Carroll said her group wants a GOP-led Congress to be “as ambitious as possible in protecting lives of unborn children," citing the 14th Amendment and commerce clause as a basis for federal restrictions.

As the fallout of the abortion ruling makes Democrats more optimistic about keeping the House majority, three Democratic-held districts centered around the bright lights and glamorous casinos of the world-famous Las Vegas strip could prove decisive. All are rated “toss up” by the nonpartisan Cook Political Report. Lee’s race is seen by analysts and national operatives in both parties as the most competitive, but Democratic Reps. Steven Horsford and Dina Titus are also running for re-election. And in Nevada’s Senate race, which is one of the most hotly contested in the country, Sen. Catherine Cortez Masto, D-Nev., is also highlighting abortion.

"I don't think politicians in Washington, D.C., should be able to mandate government pregnancy. I'm worried about what a Republican-controlled Congress would do around a federal ban, which my opponent supports," Horsford said in an interview at an event in North Las Vegas. "We're a little libertarian here in Nevada. We don't like government telling us what to do with our bodies."

His Republican rival, Sam Peters, has taken a more common approach in his party, championing a series of federal restrictions on legal abortion, including a 20-week ban. "As a Congressman, I will fight to protect life, not devalue it," he says on his website.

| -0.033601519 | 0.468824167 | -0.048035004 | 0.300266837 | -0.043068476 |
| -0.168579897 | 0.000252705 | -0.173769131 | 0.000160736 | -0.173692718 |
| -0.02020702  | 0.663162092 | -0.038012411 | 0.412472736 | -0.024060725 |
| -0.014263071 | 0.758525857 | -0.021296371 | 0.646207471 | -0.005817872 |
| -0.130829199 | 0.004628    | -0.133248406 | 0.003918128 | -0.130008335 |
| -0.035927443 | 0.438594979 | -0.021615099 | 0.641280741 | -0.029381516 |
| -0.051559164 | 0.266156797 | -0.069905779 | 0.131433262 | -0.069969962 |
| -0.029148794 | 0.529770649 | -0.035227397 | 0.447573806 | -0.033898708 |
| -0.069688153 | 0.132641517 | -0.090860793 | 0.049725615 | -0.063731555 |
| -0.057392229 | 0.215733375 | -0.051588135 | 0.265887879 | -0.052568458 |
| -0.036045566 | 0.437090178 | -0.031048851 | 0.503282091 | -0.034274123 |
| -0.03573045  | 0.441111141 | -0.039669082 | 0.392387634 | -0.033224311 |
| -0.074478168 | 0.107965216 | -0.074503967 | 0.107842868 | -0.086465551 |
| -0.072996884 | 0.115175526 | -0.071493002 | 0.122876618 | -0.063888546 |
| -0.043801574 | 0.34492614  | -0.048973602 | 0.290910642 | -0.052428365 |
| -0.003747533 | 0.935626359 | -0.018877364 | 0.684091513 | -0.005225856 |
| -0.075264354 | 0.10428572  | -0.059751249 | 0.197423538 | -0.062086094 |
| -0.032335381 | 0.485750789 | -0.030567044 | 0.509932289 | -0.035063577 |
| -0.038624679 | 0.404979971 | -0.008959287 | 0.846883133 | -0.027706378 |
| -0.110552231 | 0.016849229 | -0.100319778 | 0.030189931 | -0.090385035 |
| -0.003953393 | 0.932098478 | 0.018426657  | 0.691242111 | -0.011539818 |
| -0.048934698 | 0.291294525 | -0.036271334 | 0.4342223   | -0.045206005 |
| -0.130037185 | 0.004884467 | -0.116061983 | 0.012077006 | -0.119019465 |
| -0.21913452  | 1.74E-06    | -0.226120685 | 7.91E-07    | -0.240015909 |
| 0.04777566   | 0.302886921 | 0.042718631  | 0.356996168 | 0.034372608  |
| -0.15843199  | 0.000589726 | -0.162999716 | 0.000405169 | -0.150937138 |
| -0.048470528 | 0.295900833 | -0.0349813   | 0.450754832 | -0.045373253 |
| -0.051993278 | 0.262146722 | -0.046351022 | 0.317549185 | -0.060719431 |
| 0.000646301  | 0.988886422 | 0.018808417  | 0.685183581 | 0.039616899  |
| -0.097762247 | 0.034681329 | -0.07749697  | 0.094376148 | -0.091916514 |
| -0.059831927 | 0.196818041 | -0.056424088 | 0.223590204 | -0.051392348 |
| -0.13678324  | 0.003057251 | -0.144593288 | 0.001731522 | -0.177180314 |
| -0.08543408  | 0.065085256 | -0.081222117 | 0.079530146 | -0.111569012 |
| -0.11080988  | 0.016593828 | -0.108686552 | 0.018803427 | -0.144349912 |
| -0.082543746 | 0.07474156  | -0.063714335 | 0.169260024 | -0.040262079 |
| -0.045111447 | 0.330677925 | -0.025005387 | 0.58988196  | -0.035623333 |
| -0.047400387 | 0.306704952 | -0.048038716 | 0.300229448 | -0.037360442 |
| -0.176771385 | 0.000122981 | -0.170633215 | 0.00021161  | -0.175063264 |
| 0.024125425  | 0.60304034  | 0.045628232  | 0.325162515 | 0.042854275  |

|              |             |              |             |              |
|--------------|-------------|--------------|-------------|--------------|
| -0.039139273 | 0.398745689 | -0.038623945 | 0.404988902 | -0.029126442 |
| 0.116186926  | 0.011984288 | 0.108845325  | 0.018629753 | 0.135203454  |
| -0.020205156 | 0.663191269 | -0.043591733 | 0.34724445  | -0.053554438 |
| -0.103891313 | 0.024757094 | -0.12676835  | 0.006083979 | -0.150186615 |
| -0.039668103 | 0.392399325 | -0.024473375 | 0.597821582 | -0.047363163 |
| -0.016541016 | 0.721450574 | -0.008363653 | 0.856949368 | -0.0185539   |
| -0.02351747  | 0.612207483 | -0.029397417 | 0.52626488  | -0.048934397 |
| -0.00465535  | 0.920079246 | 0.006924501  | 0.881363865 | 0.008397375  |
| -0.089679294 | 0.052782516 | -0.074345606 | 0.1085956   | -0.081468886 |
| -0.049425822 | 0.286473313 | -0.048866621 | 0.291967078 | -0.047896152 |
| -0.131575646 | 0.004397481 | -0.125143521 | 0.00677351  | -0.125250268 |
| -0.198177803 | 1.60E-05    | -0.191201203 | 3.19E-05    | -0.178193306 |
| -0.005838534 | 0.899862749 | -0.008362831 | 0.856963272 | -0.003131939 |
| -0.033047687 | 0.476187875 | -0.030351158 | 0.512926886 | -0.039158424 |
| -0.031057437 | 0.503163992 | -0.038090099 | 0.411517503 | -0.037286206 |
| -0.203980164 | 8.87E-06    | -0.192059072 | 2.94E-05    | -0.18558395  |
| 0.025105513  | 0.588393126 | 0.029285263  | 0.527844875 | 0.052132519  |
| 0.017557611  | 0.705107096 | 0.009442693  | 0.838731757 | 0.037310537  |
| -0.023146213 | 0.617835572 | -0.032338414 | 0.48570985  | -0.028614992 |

Rep. Steven Horsford, D-Nev., attends a House hearing on June 8, 2022.
Rep. Steven Horsford, D-Nev., attends a House hearing on June 8.Tom Williams / CQ-Roll Call via AP file

National Democrats are hammering Becker on TV as “staunchly anti-choice,” pointing to endorsements she has received from anti-abortion groups like the National Right to Life Committee and accusing her of aligning with their position on outlawing abortion.

“They’re lying,” a frustrated Becker said. “The ads that are being run against me are lies.”

When asked about Becker's opposition to a national abortion ban, Lee, a two-term congresswoman first elected in 2018, responded by asking why her opponent is “willing to accept the endorsements of extreme groups that want to ban abortion nationwide.”

Lee added that the Supreme Court's ruling has made the political climate feel “significantly different than it did three months ago.”

“People are energized because there’s been an attack on women’s rights and women’s rights to choose across this country since the fall of Roe v Wade,” she said.

Recent contests suggest Democrats are stirred up to turn out in the 2022 midterm elections and punish the GOP for assembling the court majority that ended Roe v. Wade.

Beyond abortion, Becker is playing down her party identity and striking a genial tone about finding common ground — an unusual approach for Republicans, even in many swing districts. Becker said she wants to “focus more on what we have in common and what we agree on,” without elaborating on areas of policy compromise.

“I wish people wouldn’t just immediately generalize a person based on what party that they’re affiliated with," she said. "I always say, we’re not the Crips and the Bloods — red and blue. It’s not like that. We all, I think, want the same things. We just have different plans on how to get to that goal.”